professional architectural history. There is not enough funding to go round. A high proportion of students
are from outside of the UK. The funding that is available is highly competitive. Candidates must have a
very clear idea of the subject-matter of the research, the existing academic context, the sources available,
and the methods that they will use to engage with them, at the point of application. As a consequence, the
more risky, speculative or intuitive the research, the more difficult applicants might find it to convince
funding committees, even if individual schools and admissions tutors might be more open to nontraditional research methods. A more recent context is the UK governments increasing emphasis on the
impact of research - as evidenced in the latest research assessment exercise (the Research Excellence
Framework 2014). Related to this, incentivised by government funding, universities have begun to value
knowledge transfer and public engagement - kinds of research, that is, that either extend beyond the
academy or, better, involve the co-production of knowledge with other communities.
It is true that doctoral researchers have, in recent years, contributed to boosting the research ratings and
funding levels of architecture schools, and that this is one reason they have been encouraged. Yet what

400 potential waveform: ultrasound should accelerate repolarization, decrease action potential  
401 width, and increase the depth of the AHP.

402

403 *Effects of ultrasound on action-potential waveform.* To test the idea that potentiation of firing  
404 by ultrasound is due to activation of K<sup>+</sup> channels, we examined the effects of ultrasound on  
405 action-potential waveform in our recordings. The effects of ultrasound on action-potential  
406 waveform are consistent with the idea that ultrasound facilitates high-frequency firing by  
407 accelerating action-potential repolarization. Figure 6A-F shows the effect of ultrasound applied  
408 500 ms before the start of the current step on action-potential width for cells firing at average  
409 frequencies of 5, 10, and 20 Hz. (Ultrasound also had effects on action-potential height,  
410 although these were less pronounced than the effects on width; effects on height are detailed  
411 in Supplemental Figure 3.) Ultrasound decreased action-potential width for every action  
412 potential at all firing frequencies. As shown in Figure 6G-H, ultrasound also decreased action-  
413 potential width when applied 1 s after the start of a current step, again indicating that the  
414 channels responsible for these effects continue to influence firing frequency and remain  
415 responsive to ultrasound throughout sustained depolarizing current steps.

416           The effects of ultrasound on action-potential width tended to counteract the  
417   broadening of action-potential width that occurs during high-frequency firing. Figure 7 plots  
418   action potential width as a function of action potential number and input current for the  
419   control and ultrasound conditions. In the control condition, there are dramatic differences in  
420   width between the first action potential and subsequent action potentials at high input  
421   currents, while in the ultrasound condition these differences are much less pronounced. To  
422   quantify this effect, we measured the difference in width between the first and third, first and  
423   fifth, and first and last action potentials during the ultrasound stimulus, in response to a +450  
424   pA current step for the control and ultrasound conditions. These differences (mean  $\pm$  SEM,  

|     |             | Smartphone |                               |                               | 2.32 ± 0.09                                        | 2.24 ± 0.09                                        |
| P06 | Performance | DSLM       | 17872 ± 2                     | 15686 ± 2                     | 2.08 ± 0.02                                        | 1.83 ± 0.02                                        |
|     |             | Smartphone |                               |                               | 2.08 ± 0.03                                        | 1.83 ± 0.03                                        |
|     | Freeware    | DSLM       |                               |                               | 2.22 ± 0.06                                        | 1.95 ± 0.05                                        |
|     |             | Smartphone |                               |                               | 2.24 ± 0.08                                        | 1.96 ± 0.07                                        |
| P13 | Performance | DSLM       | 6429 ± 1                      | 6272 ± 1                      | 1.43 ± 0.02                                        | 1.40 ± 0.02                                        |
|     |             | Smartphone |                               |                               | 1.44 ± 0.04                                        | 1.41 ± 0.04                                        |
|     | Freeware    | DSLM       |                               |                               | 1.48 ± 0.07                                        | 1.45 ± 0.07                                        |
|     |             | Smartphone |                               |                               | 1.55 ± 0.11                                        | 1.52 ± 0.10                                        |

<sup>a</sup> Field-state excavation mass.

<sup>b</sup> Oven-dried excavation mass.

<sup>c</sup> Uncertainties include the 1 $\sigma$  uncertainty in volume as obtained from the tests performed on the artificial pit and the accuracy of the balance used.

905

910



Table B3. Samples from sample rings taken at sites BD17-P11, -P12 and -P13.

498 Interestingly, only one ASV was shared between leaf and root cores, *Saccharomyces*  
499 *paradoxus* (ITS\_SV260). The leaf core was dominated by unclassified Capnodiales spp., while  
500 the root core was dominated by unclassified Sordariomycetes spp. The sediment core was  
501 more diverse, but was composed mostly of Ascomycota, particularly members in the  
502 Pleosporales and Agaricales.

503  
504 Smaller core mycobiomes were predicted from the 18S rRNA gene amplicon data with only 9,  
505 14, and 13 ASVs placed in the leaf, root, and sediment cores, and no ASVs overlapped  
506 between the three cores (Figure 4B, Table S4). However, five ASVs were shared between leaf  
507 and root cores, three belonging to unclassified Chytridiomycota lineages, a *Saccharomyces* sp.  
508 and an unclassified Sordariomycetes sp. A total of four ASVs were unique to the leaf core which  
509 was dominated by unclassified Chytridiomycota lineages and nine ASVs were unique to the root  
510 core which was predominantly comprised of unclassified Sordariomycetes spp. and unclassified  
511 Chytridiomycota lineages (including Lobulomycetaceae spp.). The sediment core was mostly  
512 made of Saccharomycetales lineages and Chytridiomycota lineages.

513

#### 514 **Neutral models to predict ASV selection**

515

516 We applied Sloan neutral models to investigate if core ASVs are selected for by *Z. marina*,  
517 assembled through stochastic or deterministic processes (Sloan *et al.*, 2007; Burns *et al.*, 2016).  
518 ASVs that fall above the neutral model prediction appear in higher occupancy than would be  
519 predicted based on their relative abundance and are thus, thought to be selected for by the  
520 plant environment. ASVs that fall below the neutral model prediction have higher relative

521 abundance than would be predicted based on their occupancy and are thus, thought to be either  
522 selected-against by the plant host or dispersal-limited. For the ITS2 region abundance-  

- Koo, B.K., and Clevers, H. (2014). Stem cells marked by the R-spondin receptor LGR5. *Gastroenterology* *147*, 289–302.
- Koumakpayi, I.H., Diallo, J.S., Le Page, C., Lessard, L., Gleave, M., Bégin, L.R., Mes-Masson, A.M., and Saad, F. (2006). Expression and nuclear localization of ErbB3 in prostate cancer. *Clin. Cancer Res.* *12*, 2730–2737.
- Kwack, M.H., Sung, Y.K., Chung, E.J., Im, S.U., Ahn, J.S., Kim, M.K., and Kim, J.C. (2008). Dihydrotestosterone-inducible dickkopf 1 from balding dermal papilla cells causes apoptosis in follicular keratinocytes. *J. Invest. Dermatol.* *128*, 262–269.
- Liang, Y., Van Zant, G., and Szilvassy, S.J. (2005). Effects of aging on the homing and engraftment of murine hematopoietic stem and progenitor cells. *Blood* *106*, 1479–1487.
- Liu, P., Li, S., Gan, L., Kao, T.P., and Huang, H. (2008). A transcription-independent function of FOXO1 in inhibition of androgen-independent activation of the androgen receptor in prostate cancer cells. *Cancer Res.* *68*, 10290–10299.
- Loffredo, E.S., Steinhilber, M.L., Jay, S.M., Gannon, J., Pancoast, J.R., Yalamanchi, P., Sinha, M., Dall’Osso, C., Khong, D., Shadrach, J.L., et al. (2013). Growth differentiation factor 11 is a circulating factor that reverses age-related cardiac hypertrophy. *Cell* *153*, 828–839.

should we make of the criticisms that PhDs result in knowing more and more about less and less?
Although Buchanan is for architectural education that addresses major world problems rigorously, are we
to understand that he is against structured research training and extended research that aims to produce
original, specialist knowledge? For Buchanan, architecture is a generalist - as opposed to a pluralist field, and PhDs, he suggests, work against this. PhDs who appoint other PhDs are dismissed for
producing research worthless to the practice of architecture. Such scholars - no matter their expertise,
professional experience, or their own training in architecture or other related fields, or the value attributed
to architectural history and theory within the professional architectural syllabus - lack the skills and
experience to contribute much to the rest of architectural education. The curious conclusion: a research
degree which by definition prioritises the production of rigorous and original knowledge can ruin
promising students. Buchanan worries that architectural education is dissolving into meaningless
pluralism disconnected from practice and real world problems. Yet, judging by the various sources we
have available - RIBA prize winning theses, course syllabi, documentation of events involving
architectural doctoral candidates such as the Architectural Humanities Research Association programme this is a false concern. As a degree structure that allows individuals the freedom to propose and define a